Now I am fully recovered, and I can honestly say my body isn't half bad! For a start I have boobs!! I can fill my tops and look good in them. I have very long legs and they look much nicer without the bones. I have naturally wide hips which is partially because I have a developmental disorder of the hips. I know I can't change that but I can find nice clothes that really flatter my shape. Like any normal person I have things about myself I don't like but no one is perfect! I don't want to look like a clone. I am me, individual, unique!

More importantly I enjoy food, I really did miss out in all that time I was restricting. There are so many things I enjoy and yeah I know it's not healthy to eat some things all the time even though I would quite like to!
I can do whatever I want without being immediately exhausted, I can go shopping and not have to come home after being in one shop! I still struggle with the fact I can't exercise any more because when it wasn't a chore that had to be done I did enjoy it but because of my problems with my legs it isn't possible to do a lot of exercise but I can accept that now and not put myself through agonising pain just to do exercises that were terrible for my health in more ways than one. My hair has all grown back and looks much healthier, no more bald patches!

Recovering was one of the best things I ever did and I wish I had got help before it ever got as far as it did because I think it would have been much easier to recover had I done.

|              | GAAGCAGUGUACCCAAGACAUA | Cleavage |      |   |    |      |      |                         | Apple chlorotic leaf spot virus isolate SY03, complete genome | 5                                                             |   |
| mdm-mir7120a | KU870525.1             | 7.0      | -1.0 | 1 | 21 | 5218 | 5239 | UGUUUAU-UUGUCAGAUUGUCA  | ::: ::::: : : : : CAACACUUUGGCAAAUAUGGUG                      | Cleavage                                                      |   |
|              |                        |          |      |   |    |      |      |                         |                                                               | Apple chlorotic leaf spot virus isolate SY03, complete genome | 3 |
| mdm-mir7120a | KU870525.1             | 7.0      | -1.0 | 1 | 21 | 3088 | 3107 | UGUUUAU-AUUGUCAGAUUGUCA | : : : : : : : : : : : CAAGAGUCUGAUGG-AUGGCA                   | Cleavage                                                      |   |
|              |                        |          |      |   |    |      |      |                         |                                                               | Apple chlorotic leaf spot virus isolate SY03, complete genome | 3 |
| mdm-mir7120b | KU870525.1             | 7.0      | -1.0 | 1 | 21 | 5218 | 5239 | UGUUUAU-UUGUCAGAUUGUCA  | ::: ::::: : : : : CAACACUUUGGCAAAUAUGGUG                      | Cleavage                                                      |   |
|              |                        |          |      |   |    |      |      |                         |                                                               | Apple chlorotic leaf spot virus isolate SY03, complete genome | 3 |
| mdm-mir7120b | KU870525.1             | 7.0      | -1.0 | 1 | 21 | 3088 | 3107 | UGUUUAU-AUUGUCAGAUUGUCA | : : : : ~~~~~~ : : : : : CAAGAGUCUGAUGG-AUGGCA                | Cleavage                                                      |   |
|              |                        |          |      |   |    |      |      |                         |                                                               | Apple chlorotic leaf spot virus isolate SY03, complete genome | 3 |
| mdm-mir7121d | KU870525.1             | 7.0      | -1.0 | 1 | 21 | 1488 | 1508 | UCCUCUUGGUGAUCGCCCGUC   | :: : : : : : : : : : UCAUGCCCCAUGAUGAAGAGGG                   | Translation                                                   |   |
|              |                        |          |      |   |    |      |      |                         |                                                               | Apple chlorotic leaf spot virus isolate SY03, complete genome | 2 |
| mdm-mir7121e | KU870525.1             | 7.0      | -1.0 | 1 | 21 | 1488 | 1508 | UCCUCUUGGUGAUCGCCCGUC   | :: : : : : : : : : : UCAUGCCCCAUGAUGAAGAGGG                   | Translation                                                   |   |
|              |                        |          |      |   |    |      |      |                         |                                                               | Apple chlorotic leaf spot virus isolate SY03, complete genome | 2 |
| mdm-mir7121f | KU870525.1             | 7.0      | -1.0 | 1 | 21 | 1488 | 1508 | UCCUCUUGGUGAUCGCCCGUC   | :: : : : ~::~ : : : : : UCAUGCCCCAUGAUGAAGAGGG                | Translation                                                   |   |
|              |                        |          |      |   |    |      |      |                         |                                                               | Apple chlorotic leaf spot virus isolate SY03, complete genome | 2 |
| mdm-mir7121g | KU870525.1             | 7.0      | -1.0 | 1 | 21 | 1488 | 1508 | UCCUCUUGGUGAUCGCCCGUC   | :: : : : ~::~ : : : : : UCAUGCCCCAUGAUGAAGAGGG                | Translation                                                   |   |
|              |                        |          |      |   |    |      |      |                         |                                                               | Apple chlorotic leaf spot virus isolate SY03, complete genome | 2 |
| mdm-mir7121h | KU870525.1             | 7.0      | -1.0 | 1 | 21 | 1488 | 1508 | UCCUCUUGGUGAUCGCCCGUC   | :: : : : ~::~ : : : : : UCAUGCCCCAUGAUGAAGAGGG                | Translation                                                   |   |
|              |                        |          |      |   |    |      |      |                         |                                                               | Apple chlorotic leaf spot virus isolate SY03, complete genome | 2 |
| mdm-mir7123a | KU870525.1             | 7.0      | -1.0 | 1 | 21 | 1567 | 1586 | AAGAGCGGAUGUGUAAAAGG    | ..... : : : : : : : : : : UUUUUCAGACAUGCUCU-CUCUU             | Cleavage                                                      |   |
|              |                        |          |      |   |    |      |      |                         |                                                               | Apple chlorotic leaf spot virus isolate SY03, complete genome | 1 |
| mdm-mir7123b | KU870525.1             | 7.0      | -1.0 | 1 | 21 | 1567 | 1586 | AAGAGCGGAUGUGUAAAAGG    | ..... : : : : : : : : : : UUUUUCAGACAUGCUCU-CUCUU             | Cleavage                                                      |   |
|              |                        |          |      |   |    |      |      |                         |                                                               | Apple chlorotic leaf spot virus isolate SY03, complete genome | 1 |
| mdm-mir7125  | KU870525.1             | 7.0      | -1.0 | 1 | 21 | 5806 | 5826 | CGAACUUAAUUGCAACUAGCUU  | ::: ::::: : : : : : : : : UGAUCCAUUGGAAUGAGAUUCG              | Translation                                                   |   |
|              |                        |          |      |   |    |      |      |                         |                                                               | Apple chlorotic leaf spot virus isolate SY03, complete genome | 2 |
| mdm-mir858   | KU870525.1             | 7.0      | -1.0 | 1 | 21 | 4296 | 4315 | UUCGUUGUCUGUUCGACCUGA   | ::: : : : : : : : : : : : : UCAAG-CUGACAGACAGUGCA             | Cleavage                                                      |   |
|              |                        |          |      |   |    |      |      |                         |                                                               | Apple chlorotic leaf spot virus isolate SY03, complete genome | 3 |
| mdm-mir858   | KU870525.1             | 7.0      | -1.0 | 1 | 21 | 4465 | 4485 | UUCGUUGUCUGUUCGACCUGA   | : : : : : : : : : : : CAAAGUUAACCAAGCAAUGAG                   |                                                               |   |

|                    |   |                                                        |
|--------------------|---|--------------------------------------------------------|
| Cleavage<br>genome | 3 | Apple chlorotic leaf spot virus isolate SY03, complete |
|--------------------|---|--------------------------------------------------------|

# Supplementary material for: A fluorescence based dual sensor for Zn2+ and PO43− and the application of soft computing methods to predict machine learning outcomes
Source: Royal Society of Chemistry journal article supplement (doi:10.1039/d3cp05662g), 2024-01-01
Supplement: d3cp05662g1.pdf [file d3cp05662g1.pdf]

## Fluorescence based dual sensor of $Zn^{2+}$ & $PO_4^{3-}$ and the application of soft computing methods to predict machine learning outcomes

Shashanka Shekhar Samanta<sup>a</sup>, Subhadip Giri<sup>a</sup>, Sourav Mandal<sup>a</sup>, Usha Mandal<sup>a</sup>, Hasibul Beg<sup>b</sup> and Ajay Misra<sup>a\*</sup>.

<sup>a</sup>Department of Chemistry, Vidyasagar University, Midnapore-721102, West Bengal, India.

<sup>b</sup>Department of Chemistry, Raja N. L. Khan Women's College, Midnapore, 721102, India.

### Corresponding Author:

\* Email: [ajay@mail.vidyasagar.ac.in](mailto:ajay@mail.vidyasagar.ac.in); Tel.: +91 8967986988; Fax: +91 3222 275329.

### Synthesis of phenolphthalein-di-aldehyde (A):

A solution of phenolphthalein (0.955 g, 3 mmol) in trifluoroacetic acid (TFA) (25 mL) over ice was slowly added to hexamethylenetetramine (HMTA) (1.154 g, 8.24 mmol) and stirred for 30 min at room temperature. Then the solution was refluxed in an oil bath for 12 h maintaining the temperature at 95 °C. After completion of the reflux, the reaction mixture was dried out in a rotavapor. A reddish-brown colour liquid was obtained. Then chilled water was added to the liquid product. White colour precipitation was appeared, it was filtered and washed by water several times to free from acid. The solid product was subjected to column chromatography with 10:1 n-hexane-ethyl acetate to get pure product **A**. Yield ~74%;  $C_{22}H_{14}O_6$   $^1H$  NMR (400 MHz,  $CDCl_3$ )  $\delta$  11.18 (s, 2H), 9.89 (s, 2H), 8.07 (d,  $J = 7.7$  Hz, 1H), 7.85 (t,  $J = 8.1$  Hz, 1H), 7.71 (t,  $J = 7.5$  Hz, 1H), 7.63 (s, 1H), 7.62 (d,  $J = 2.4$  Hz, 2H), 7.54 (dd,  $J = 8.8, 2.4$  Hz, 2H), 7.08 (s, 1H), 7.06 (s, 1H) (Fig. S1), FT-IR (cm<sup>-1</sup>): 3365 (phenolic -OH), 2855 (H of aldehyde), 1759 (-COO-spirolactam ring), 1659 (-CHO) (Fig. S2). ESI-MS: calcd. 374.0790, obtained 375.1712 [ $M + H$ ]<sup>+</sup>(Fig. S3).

Last edited by [Purple_Rain] : 03-04-2009 at 12:20 PM.




"I would be almighty in my own world of art, even if I had to paint my pictures with my wet tongue on the dusty floor of my cell." -Picasso
"No, painting is not done to decorate apartments. It is an instrument of war." - Picasso

'I have scars becuase I have a past; but they, like my past, do not define my future'


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Old 06-04-2009, 09:18 AM   #3
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Sarah/Thumbelina's Biography.
I didn’t go about recovery in a traditional way, but then again who does? As far as most of the people in my life are concerned I recovered when I was 18 in truth it is only recently that I truly consider myself recovered at the age of 21.

My parents were informed of my eating disorder about a month or so into OP treatment. My eating disorder was there to stop them hurting and to make me feel the suffering I felt like I deserved. When they found out the pleasing nature in me took a u-turn and instead of starving and purging I ate normally. I needed to feel pain and if I wasn’t allowed it through not eating I would get it by eating and hating every mouthful. So I gained the weight got discharged through away an opportunity of a lifetime and moved to university where I started my long recovery process.

The first few weeks were hard but then I started seeing a housemate, I confided in him about my eating disorder and he asked me to eat for him. This almost complete stranger asked me to eat and it had more of an effect than anyone else EVER has. It wasn’t because he loved me, it wasn’t because he didn’t want to watch me waste away, it was because he saw something in me that he wanted to get to know and that touched me more than I ever could imagine.